To put the British territory (as defined by Sony) number in context, the box office sales relative to their total population would equate to the equivalent of a $326 million full week gross in the US/Canada. That number puts it ahead ahead of domestic record holder “Jurassic World” ($296 million) and also ahead of adjusted numbers for any other film. More impressive is that it comes in a mid-fall time slot without local school vacations providing any boost.
Will ‘Spectre’ Fly Ahead of ‘Skyfall’ at the Global Box Office?
Will 'Spectre' Fly Ahead of 'Skyfall' at the Global Box Office?
With a first week seven-country gross of $80 million, including a record (unadjusted) of nearly $64 million in the UK/Ireland, the 24th official James Bond franchise release shows signs of potentially matching the enormous worldwide take for 2012’s “Skyfall.”
Unlike “Skyfall,” which had opened in nearly all major territories prior to the U.S. (Japan and Australia alone not earlier) “Spectre” is rolling out more slowly, including its US/Canada start this Thursday night. Most other territories will have opened by this weekend, but several major ones, including China, France, Japan, Korea, and Australia come later this month. This makes exact head to head comparisons and ultimate predictions far more tentative despite its great start in select countries.
“Skyfall” unadjusted (and adjusting is relevant for a franchise that goes back 53 years) stands as the biggest 007 film with $1.1 billion worldwide, with $304 million of that coming from the US/Canada. Adjusted it is the third best Bond ever, but by some distance the best by any calculation for any Bond film since their early days. That’s spectacular — it predates by 15 years this year’s other (and even bigger) franchise goldmine “Star Wars,” which including “The Force Awakens” notches 17 fewer efforts.
Grandparents who saw the early Bonds as teenagers taking their grandchildren to this one. In an era when franchises are the centerpiece of film production, the Bond films, though hardly the first long-running series (Hollywood’s list includes the Hardy Family, Dr. Kildare, Ma and Pa Kettle, Blondie, and Tarzan). It isn’t close to having the most entries: 48 Tora-San films from Japan double the output, but they came in a 39-year period (1969-1997) with the same star and mostly the same director. Tarzan was produced by multiple studios in different forms (beginning with silents); the authorized 29 features ran from 1932-70, 15 years less that Bond.
“Skyfall” ended up the fifth biggest domestic release of 2012, but was second worldwide (it fell $400 million behind “The Avengers”). This year has seen four films exceed “Skyfall” worldwide (led by “Jurassic World” at $1.7 billion), much because of growth in China and other rapidly growing markets. But the initial “Spectre” showings (other countries also have results close to or above “Skyfall”) show that three years later, “Spectre” might indeed have a shot at reaching that total.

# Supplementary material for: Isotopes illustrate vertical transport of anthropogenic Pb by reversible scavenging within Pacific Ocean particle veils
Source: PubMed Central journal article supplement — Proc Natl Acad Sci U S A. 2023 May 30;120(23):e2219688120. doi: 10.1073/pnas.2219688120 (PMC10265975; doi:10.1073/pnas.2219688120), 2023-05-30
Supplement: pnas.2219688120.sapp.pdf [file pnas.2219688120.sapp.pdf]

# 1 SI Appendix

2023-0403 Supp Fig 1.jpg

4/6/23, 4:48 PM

US/Canada provided 28% of the “Skyfall” gross. The domestic release was aided by terrific reviews (Metascore of 81, the same as the current “The Martian” and “Bridge of Spies,” both bolstered by adult/older audience enthusiasm.) “Spectre” so far is only at the barely favorable 65 (“Crimson Peak” and “Everest” range). Bond films getting critical acclaim is a recent development: the early films were public, not elite, favorites, with the post-Sean Connery installments (with Roger Moore, Timothy Dalton and Pierce Brosnan) nabbed reviews ranging mainly from mildly favorable to mixed-negative. The business continued though and the series thrived.
The Bond series revitalized in the late 1990s with “Tomorrow Never Dies.” In fact, its star Pierce Brosnan has two of the top ten Bond domestic performers (“Tomorrow” in seventh place, 2002’s “Die Another Day” in sixth), and paved the way for most recent Bond Daniel Craig to thrive. His two before “Spectre” also place among the top ten— “Skyfall” again third, “Casino Royale” tenth. Sean Connery of course rules, with five (#1 Thunderball, #2 Goldfinger, #4 “You Only Live Twice,” #8 “From Russia With Love,” #9 “Diamond Are Forever”). Of his starrers, only the first, “Doctor No,” doesn’t rank among the best. Roger Moore has only #5 (“Moonraker”), while neither Timothy Dalton several nor George Lazenby’s single effort rank that highly.